History of the toothbrush

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In ancient times there was no such thing as a
toothbrush. People would chew feathers, twigs,
animal bones or porcupine quills.
The first toothbrush was discovered dating
from 3,000 years ago.
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In Japan the toothbrush was made of horse
hairs.
The very first mass produced toothbrush was
manufactured around the year 1780.
It was made of animal bone and bristles.
Later bristles were made for pig or badger hair.
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The first patent for a tooth brush was in 1857 in
the United States.
Mass production began in 1885.
Later it was discovered that the use of animal
hair was not very health and the hairs would
keep bacteria on them.
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It was not until World War 2 that brushing
teeth became a routine practice.
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The early Egyptians would mix burned ox
hooves mixed with eggshells, myrrh, pumice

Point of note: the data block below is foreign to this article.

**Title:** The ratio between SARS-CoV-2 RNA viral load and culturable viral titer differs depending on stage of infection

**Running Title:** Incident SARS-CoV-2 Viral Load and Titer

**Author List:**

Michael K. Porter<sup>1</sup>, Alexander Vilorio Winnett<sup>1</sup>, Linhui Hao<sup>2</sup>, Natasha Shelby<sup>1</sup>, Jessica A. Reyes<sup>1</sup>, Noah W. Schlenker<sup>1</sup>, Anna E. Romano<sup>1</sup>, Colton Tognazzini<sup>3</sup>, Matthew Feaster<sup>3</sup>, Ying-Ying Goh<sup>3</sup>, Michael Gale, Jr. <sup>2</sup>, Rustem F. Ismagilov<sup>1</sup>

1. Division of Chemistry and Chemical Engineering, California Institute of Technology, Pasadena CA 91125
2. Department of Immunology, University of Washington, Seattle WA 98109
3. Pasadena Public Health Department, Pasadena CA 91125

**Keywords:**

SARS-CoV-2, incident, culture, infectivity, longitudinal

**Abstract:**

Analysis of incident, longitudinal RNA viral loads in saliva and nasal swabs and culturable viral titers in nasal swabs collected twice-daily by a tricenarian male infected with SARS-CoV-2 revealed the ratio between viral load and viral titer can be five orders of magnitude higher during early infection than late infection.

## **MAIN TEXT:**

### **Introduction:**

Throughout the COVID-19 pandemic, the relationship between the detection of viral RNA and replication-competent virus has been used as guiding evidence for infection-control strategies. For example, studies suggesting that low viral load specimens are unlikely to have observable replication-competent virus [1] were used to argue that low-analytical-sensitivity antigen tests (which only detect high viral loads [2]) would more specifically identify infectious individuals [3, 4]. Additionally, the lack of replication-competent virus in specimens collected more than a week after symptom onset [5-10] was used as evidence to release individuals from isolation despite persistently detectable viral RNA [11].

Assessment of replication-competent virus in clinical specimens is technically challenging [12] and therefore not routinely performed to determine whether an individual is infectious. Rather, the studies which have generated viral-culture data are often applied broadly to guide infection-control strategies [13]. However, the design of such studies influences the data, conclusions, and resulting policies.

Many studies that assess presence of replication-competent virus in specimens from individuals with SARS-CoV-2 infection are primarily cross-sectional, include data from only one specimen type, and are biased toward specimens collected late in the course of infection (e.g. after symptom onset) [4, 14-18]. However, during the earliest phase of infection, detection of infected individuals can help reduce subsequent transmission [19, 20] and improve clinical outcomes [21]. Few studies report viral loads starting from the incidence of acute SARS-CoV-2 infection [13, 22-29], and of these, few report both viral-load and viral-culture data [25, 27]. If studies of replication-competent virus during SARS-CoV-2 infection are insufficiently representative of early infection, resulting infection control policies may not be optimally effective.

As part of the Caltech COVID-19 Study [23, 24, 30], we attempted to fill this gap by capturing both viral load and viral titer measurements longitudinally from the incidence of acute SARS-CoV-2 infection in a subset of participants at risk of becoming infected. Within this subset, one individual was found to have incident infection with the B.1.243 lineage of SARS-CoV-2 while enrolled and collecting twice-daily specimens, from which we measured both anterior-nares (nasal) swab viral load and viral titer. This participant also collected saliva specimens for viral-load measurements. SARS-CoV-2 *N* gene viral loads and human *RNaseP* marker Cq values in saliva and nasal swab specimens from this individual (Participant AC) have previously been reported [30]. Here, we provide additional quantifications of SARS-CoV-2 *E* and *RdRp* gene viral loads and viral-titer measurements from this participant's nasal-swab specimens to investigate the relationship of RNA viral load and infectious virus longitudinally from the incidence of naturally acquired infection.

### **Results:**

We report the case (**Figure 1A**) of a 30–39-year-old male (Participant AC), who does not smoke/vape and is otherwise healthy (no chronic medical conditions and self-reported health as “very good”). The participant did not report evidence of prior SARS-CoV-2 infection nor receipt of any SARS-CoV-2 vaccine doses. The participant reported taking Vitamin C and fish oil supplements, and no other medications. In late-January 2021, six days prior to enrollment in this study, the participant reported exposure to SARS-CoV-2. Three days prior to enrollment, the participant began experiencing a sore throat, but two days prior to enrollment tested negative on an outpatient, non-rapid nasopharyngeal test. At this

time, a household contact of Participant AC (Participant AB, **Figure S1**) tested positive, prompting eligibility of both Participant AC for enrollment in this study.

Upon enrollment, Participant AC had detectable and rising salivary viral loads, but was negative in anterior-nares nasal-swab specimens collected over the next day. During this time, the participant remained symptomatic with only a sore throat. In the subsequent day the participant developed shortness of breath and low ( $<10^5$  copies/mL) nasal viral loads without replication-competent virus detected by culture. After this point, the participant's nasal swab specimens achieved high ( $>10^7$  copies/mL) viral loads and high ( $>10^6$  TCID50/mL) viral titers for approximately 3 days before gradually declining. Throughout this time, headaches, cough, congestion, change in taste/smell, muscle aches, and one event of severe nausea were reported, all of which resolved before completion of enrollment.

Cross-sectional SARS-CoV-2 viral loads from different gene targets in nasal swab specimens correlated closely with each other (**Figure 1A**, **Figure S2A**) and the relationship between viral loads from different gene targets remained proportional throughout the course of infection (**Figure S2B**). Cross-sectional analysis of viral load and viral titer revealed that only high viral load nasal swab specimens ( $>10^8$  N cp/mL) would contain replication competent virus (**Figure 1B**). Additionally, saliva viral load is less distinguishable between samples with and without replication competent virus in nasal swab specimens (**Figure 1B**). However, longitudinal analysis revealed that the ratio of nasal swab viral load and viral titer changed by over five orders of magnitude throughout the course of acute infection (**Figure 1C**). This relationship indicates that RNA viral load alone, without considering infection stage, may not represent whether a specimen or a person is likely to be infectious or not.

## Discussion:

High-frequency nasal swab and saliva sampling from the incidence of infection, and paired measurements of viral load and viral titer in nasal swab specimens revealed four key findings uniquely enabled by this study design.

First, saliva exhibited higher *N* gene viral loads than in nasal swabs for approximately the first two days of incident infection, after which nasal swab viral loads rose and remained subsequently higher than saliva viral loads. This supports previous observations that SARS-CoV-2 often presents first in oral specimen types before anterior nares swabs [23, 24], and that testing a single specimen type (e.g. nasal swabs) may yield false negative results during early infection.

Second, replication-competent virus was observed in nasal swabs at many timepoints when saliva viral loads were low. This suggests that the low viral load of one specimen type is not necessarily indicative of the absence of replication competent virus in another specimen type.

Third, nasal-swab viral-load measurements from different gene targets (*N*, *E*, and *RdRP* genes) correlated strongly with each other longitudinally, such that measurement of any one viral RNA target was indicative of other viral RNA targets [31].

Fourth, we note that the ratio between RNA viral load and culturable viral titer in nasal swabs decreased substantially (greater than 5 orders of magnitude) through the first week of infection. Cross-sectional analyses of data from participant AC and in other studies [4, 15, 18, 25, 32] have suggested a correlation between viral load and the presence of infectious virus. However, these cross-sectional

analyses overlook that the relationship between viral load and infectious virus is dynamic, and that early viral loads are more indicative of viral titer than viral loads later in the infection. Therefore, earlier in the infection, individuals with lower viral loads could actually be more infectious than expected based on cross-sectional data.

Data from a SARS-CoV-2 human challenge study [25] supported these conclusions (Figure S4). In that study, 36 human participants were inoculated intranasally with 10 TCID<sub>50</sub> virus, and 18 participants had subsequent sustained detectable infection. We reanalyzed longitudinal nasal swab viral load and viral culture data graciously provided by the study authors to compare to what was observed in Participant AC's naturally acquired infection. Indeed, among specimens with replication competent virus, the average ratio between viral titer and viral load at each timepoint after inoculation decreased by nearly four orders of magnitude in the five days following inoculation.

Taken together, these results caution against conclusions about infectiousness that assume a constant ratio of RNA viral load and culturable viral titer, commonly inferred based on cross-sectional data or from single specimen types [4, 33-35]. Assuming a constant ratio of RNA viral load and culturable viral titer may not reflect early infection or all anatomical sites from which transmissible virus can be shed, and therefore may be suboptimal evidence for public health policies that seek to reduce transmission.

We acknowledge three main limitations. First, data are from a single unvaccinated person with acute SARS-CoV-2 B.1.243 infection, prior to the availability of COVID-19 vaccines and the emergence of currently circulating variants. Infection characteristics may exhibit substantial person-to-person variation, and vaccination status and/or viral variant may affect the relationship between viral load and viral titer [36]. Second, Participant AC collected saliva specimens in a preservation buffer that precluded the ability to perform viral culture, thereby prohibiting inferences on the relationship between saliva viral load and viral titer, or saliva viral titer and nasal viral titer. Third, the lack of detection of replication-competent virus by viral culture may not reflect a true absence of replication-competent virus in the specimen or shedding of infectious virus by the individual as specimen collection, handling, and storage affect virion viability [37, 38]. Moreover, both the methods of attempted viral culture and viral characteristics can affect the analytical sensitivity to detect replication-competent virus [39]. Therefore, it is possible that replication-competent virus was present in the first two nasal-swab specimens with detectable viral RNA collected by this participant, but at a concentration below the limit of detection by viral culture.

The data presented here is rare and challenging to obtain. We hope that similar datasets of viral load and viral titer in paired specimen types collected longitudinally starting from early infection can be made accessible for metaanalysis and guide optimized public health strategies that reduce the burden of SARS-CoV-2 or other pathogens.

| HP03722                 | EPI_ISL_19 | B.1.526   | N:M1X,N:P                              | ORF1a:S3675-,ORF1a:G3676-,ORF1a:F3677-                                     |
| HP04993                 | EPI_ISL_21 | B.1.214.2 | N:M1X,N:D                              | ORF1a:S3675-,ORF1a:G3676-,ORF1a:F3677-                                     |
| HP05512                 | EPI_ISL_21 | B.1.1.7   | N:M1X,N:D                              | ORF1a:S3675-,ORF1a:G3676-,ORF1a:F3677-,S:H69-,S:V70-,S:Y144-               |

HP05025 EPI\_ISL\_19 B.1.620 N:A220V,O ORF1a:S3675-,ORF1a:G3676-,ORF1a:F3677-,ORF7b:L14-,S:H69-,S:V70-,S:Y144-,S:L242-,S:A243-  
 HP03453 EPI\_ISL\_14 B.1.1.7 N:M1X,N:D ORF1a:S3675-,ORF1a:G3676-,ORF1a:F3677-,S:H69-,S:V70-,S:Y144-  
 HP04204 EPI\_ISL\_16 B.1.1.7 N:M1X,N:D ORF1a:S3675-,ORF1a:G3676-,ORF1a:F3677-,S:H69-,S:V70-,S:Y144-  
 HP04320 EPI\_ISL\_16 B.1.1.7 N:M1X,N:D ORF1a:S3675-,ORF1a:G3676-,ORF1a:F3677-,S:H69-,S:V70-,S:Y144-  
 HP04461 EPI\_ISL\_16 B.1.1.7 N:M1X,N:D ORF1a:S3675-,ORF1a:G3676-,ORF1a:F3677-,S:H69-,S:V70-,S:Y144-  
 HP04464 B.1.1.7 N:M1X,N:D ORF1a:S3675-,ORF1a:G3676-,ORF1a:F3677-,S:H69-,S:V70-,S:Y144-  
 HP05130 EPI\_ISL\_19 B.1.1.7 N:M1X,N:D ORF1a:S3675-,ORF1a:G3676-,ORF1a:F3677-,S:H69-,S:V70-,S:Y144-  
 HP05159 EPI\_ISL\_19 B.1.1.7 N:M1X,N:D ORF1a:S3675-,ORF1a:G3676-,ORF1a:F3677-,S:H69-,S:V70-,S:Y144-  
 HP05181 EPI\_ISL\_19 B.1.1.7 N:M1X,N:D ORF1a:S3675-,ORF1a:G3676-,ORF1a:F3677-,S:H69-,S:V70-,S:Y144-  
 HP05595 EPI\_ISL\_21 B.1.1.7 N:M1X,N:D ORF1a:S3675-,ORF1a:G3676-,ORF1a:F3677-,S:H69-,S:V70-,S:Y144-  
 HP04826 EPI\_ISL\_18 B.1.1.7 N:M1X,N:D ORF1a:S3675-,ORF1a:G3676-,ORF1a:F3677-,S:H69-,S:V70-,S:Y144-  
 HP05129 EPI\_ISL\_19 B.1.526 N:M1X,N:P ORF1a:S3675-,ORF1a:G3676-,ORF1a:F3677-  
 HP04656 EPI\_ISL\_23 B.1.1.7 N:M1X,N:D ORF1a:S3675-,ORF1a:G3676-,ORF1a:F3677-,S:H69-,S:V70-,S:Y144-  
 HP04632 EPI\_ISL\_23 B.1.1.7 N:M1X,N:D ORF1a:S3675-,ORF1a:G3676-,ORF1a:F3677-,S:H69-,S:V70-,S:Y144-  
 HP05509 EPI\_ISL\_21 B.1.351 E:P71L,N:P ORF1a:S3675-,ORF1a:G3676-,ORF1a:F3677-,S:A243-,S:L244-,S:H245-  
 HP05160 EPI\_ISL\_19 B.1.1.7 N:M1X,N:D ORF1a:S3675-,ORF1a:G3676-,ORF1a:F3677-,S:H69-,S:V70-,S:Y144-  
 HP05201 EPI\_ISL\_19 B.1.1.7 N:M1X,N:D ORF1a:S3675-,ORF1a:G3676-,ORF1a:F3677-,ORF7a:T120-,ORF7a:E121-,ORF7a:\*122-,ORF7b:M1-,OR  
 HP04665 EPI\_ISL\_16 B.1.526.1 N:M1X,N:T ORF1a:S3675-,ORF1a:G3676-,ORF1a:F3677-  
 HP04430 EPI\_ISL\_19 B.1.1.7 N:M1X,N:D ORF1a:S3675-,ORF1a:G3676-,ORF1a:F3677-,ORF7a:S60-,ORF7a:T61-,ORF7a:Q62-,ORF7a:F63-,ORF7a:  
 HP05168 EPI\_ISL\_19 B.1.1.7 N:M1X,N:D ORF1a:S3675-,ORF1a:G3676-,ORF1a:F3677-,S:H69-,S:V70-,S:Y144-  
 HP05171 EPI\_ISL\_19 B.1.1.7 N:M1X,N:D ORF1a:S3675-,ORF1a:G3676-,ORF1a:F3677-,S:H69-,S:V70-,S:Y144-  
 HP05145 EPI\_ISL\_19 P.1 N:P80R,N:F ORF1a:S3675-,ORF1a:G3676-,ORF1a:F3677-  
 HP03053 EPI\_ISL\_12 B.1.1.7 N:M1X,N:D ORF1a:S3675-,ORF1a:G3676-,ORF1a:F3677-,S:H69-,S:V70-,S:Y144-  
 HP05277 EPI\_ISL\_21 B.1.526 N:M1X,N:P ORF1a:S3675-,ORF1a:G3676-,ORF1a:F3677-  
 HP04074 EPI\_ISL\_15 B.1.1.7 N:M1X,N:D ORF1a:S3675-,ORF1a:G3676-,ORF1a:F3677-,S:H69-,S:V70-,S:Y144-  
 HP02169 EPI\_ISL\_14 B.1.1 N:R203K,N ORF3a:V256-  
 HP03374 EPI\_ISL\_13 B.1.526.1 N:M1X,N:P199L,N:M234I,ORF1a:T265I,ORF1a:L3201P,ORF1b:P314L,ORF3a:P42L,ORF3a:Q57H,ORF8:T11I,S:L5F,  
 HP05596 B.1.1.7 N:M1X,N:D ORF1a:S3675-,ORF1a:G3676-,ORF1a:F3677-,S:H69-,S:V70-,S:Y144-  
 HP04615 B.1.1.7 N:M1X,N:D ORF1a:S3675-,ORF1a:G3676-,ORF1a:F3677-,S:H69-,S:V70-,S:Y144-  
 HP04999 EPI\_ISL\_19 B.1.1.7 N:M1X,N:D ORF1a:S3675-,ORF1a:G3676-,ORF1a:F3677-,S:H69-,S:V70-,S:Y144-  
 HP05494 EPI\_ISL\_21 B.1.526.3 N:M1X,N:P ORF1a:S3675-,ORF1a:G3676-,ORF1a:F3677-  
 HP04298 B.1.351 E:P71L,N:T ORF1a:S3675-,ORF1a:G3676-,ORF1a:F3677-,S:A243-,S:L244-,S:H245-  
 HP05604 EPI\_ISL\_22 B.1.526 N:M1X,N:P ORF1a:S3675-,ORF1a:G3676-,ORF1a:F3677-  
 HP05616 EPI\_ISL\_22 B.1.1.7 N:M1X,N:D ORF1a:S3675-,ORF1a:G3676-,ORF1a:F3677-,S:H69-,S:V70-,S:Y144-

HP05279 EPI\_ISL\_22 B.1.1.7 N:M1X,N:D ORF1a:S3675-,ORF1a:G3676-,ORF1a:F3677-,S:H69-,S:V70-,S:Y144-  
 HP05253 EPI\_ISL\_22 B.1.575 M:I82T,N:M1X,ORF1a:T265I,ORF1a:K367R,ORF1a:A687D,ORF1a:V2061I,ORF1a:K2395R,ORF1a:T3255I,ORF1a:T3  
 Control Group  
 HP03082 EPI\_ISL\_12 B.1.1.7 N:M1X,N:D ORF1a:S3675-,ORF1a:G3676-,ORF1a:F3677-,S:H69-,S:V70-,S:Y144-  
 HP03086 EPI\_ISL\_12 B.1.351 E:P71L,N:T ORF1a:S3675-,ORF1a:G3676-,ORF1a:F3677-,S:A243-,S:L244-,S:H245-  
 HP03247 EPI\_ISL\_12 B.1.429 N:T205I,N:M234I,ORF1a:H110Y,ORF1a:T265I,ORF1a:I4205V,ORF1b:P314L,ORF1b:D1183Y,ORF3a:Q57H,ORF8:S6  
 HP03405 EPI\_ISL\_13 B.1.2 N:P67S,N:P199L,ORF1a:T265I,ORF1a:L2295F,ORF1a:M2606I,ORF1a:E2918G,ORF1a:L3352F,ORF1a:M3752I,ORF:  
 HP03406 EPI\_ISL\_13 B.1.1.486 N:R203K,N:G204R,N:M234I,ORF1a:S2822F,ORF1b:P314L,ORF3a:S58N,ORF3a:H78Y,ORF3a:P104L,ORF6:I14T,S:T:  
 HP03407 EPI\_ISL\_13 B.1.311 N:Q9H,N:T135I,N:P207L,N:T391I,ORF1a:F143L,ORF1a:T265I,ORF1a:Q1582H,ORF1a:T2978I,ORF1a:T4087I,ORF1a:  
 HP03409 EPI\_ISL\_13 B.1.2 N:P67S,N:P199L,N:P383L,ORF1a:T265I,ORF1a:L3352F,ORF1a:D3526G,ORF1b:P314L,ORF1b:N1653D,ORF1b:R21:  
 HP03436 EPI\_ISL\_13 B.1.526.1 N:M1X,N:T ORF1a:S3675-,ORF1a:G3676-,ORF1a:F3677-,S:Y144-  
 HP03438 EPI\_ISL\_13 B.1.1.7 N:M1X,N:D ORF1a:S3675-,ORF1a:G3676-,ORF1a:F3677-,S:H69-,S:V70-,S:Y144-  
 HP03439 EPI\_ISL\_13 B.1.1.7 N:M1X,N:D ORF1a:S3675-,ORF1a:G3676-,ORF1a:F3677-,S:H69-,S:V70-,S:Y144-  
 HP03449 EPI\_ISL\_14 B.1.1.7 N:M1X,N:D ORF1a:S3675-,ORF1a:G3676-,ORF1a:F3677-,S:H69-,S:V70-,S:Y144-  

and water.
Later, the Persians would use burned oyster
and snail shells.
In both cases, toothpaste was for only the very
rich.
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In the early 1700s, toothpaste was made of
borax but it was very abrasive and wear down
the enamel of the teeth which would lead to
decay.
Prior to world war 2, toothpaste was in lead tin
boxes but the lead would get into the
toothpaste and cause problems for the user.
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During world war 2, that method was changed
to aluminum and paper like we see today.
Finally after research, by the 1950s, fluoride
was added to toothpaste to help prevent tooth
decay.
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